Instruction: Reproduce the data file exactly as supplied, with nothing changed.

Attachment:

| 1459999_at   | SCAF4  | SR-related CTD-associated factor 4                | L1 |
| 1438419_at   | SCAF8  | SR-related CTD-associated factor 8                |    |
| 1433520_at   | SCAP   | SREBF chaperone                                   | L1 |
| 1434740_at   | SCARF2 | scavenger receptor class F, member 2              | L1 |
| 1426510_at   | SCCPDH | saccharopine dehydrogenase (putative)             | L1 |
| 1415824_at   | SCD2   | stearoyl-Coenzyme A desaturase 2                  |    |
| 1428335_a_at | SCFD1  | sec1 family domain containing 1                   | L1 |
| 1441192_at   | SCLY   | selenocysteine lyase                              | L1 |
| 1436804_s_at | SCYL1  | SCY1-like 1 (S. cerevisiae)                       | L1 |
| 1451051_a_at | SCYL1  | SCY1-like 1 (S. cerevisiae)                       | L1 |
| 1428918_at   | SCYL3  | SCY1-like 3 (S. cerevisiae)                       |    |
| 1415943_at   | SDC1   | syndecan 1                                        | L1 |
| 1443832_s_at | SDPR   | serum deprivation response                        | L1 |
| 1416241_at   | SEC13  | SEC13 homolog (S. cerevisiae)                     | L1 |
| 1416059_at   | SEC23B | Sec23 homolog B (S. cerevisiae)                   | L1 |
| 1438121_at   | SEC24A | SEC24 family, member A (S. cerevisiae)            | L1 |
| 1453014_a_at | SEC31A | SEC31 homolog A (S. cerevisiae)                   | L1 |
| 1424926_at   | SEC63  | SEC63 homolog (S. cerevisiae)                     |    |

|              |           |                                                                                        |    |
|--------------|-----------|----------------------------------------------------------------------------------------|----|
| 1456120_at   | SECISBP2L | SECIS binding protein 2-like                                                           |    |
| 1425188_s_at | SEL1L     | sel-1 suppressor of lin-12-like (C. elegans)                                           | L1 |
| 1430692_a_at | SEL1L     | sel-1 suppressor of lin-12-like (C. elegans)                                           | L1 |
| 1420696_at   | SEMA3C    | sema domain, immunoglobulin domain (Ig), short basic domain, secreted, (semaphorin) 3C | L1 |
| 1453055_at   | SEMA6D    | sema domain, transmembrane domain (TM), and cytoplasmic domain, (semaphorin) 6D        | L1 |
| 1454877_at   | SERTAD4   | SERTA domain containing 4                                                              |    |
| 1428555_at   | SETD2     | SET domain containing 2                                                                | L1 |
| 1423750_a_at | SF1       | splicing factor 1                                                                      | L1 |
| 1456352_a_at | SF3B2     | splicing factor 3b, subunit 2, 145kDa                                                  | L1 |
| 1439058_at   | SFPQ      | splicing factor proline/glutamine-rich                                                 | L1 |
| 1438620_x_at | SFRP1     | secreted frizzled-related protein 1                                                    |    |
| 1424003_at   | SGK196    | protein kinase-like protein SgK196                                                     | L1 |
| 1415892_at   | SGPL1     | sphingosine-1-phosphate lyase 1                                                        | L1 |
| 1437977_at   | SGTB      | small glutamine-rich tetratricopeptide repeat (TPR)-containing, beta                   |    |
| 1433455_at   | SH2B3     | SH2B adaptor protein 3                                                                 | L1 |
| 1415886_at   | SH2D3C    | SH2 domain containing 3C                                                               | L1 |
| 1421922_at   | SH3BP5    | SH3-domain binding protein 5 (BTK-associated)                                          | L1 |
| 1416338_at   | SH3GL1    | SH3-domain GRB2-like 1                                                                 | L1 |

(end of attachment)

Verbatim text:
| 1459999_at   | SCAF4  | SR-related CTD-associated factor 4                | L1 |
| 1438419_at   | SCAF8  | SR-related CTD-associated factor 8                |    |
| 1433520_at   | SCAP   | SREBF chaperone                                   | L1 |
| 1434740_at   | SCARF2 | scavenger receptor class F, member 2              | L1 |
| 1426510_at   | SCCPDH | saccharopine dehydrogenase (putative)             | L1 |
| 1415824_at   | SCD2   | stearoyl-Coenzyme A desaturase 2                  |    |
| 1428335_a_at | SCFD1  | sec1 family domain containing 1                   | L1 |
| 1441192_at   | SCLY   | selenocysteine lyase                              | L1 |
| 1436804_s_at | SCYL1  | SCY1-like 1 (S. cerevisiae)                       | L1 |
| 1451051_a_at | SCYL1  | SCY1-like 1 (S. cerevisiae)                       | L1 |
| 1428918_at   | SCYL3  | SCY1-like 3 (S. cerevisiae)                       |    |
| 1415943_at   | SDC1   | syndecan 1                                        | L1 |
| 1443832_s_at | SDPR   | serum deprivation response                        | L1 |
| 1416241_at   | SEC13  | SEC13 homolog (S. cerevisiae)                     | L1 |
| 1416059_at   | SEC23B | Sec23 homolog B (S. cerevisiae)                   | L1 |
| 1438121_at   | SEC24A | SEC24 family, member A (S. cerevisiae)            | L1 |
| 1453014_a_at | SEC31A | SEC31 homolog A (S. cerevisiae)                   | L1 |
| 1424926_at   | SEC63  | SEC63 homolog (S. cerevisiae)                     |    |

|              |           |                                                                                        |    |
|--------------|-----------|----------------------------------------------------------------------------------------|----|
| 1456120_at   | SECISBP2L | SECIS binding protein 2-like                                                           |    |
| 1425188_s_at | SEL1L     | sel-1 suppressor of lin-12-like (C. elegans)                                           | L1 |
| 1430692_a_at | SEL1L     | sel-1 suppressor of lin-12-like (C. elegans)                                           | L1 |
| 1420696_at   | SEMA3C    | sema domain, immunoglobulin domain (Ig), short basic domain, secreted, (semaphorin) 3C | L1 |
| 1453055_at   | SEMA6D    | sema domain, transmembrane domain (TM), and cytoplasmic domain, (semaphorin) 6D        | L1 |
| 1454877_at   | SERTAD4   | SERTA domain containing 4                                                              |    |
| 1428555_at   | SETD2     | SET domain containing 2                                                                | L1 |
| 1423750_a_at | SF1       | splicing factor 1                                                                      | L1 |
| 1456352_a_at | SF3B2     | splicing factor 3b, subunit 2, 145kDa                                                  | L1 |
| 1439058_at   | SFPQ      | splicing factor proline/glutamine-rich                                                 | L1 |
| 1438620_x_at | SFRP1     | secreted frizzled-related protein 1                                                    |    |
| 1424003_at   | SGK196    | protein kinase-like protein SgK196                                                     | L1 |
| 1415892_at   | SGPL1     | sphingosine-1-phosphate lyase 1                                                        | L1 |
| 1437977_at   | SGTB      | small glutamine-rich tetratricopeptide repeat (TPR)-containing, beta                   |    |
| 1433455_at   | SH2B3     | SH2B adaptor protein 3                                                                 | L1 |
| 1415886_at   | SH2D3C    | SH2 domain containing 3C                                                               | L1 |
| 1421922_at   | SH3BP5    | SH3-domain binding protein 5 (BTK-associated)                                          | L1 |
| 1416338_at   | SH3GL1    | SH3-domain GRB2-like 1                                                                 | L1 |